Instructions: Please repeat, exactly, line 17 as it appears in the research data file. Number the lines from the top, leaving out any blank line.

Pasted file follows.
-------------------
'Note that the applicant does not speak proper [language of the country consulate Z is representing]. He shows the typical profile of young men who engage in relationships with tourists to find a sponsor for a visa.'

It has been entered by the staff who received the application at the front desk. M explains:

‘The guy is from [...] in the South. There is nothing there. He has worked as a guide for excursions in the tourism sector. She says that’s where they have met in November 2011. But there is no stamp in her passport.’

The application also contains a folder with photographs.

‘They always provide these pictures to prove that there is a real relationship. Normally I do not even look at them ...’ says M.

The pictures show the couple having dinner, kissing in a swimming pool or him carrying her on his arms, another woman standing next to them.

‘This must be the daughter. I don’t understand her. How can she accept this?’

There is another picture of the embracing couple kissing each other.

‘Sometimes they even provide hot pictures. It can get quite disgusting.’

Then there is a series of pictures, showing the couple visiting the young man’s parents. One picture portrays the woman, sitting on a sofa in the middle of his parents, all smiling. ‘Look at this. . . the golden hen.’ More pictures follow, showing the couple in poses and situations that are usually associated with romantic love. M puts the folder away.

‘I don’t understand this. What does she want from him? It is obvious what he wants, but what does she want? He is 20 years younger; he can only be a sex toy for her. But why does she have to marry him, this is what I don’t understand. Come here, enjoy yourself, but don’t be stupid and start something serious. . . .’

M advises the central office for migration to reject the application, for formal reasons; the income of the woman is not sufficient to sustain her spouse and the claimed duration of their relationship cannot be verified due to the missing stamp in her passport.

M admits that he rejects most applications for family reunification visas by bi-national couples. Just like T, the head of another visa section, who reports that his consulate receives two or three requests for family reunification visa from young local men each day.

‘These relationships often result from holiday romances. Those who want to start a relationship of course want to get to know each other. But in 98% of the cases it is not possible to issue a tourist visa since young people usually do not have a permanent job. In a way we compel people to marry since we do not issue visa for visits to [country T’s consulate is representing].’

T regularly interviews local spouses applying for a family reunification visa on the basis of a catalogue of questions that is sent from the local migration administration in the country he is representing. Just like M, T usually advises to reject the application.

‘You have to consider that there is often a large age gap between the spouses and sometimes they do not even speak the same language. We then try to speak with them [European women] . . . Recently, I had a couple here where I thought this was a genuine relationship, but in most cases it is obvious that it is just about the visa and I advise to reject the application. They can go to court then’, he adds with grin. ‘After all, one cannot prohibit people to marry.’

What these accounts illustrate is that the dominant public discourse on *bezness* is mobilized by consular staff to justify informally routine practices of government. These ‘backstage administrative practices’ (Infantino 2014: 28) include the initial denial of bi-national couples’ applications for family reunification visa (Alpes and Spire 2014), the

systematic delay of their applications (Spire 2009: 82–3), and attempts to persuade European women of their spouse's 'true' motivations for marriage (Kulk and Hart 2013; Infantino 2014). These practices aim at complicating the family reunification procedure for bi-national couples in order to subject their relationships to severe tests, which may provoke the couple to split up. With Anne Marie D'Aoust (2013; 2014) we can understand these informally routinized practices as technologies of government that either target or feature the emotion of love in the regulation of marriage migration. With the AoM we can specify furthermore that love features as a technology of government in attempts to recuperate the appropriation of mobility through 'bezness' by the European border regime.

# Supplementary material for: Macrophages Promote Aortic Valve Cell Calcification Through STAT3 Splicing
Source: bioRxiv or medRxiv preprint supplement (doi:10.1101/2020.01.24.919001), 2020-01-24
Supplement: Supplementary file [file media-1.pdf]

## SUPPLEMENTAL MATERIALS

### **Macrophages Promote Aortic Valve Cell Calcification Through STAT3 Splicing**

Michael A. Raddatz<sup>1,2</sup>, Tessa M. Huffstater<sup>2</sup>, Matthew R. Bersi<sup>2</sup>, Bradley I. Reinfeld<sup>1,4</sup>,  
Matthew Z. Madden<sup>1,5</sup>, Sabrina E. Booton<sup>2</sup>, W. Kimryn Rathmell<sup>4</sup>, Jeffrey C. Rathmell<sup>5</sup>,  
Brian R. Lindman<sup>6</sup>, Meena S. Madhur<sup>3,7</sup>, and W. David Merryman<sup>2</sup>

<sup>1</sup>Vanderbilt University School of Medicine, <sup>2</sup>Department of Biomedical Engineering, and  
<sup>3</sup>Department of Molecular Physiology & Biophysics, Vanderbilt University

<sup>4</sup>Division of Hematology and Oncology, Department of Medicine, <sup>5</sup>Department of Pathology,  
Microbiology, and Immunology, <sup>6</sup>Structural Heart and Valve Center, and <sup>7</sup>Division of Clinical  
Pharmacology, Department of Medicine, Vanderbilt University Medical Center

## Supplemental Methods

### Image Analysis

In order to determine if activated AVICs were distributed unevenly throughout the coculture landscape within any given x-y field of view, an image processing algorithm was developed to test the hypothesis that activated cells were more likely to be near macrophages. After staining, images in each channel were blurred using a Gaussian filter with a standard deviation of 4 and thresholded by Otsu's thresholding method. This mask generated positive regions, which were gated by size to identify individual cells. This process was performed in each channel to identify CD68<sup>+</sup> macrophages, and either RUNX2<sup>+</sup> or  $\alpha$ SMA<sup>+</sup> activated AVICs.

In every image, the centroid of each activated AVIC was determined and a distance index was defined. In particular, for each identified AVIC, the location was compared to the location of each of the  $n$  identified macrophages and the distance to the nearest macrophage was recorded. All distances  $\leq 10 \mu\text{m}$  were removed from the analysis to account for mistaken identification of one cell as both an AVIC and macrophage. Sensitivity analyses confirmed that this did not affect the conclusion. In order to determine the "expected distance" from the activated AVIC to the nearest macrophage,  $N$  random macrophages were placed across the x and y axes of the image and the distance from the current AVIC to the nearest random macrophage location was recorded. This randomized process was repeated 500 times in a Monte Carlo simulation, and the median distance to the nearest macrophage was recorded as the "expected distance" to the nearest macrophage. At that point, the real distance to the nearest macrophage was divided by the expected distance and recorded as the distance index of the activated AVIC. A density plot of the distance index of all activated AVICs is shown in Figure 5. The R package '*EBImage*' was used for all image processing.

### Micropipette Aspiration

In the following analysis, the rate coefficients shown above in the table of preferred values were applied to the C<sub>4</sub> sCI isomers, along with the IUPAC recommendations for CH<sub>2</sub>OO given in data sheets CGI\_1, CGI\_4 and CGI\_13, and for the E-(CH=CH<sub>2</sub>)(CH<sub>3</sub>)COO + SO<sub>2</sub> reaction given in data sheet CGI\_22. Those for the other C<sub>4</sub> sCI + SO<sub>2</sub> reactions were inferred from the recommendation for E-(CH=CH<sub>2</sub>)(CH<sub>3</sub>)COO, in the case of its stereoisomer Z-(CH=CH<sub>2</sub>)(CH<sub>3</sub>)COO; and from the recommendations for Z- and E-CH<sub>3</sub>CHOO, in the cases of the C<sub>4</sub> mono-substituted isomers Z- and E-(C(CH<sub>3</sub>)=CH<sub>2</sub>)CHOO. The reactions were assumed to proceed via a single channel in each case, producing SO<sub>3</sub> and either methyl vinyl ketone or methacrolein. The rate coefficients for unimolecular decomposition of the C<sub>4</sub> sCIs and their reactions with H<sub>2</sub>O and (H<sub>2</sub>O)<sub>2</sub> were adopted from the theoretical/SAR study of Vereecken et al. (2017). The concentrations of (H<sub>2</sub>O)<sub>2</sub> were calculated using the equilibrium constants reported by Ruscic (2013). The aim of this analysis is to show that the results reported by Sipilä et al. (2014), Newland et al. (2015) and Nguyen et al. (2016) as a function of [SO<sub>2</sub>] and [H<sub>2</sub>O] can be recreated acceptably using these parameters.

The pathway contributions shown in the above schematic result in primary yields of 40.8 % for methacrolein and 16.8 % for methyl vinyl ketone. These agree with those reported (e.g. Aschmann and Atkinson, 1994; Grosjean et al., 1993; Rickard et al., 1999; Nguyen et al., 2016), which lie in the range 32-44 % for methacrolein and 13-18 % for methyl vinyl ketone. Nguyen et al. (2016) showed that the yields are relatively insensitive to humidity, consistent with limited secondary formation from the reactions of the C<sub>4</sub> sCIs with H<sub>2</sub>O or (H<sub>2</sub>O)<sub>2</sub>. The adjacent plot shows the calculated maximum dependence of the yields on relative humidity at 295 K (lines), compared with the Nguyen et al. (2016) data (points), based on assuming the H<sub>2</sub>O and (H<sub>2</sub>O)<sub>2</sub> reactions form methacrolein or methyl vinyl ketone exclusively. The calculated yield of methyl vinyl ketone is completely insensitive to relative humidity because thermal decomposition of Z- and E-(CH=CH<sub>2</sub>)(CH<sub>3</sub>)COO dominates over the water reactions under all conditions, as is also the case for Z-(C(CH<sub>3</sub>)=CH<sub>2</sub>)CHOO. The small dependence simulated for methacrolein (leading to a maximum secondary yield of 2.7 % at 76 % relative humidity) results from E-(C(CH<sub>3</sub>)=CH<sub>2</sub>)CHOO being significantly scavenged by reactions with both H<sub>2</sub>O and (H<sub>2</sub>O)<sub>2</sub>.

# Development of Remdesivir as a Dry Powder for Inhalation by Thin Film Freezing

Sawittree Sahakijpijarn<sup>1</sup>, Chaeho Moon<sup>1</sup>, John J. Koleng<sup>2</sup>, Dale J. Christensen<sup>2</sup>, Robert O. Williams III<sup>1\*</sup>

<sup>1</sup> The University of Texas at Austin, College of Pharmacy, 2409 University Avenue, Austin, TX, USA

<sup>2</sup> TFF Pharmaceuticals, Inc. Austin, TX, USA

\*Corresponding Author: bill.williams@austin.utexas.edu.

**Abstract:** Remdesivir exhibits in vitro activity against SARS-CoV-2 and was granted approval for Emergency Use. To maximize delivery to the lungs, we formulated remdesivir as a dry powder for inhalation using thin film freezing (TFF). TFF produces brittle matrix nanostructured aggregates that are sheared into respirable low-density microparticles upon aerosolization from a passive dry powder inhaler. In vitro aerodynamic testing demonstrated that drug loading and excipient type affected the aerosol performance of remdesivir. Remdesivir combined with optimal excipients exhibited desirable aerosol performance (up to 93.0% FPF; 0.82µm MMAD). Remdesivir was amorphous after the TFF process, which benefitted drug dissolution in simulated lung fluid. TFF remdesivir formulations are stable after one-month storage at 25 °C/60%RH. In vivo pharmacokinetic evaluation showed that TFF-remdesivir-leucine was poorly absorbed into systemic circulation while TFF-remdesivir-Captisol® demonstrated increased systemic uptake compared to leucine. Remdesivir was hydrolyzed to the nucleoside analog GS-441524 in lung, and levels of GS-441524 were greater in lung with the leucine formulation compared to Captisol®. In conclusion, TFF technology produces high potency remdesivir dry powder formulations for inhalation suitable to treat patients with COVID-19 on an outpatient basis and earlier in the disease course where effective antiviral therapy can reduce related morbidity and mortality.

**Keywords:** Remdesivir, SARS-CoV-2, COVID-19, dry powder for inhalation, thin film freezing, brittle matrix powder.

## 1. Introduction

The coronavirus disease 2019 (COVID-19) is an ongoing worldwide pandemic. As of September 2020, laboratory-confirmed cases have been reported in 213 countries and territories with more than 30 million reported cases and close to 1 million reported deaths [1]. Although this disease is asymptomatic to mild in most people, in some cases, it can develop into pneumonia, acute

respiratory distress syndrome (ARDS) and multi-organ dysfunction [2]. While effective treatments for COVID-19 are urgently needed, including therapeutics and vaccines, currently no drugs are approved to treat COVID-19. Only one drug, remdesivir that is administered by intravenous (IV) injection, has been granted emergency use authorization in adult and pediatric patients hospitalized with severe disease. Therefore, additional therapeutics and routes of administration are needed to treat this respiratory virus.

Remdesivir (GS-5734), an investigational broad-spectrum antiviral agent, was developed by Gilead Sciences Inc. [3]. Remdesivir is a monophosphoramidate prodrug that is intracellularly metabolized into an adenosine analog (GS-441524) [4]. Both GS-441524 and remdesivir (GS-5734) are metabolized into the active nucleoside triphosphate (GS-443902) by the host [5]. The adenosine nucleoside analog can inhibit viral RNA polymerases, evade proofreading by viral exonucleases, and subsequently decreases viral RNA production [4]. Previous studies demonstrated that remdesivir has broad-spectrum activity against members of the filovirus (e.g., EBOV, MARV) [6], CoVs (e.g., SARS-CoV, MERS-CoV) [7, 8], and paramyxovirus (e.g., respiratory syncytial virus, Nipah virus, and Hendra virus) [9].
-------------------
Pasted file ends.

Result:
What these accounts illustrate is that the dominant public discourse on *bezness* is mobilized by consular staff to justify informally routine practices of government. These ‘backstage administrative practices’ (Infantino 2014: 28) include the initial denial of bi-national couples’ applications for family reunification visa (Alpes and Spire 2014), the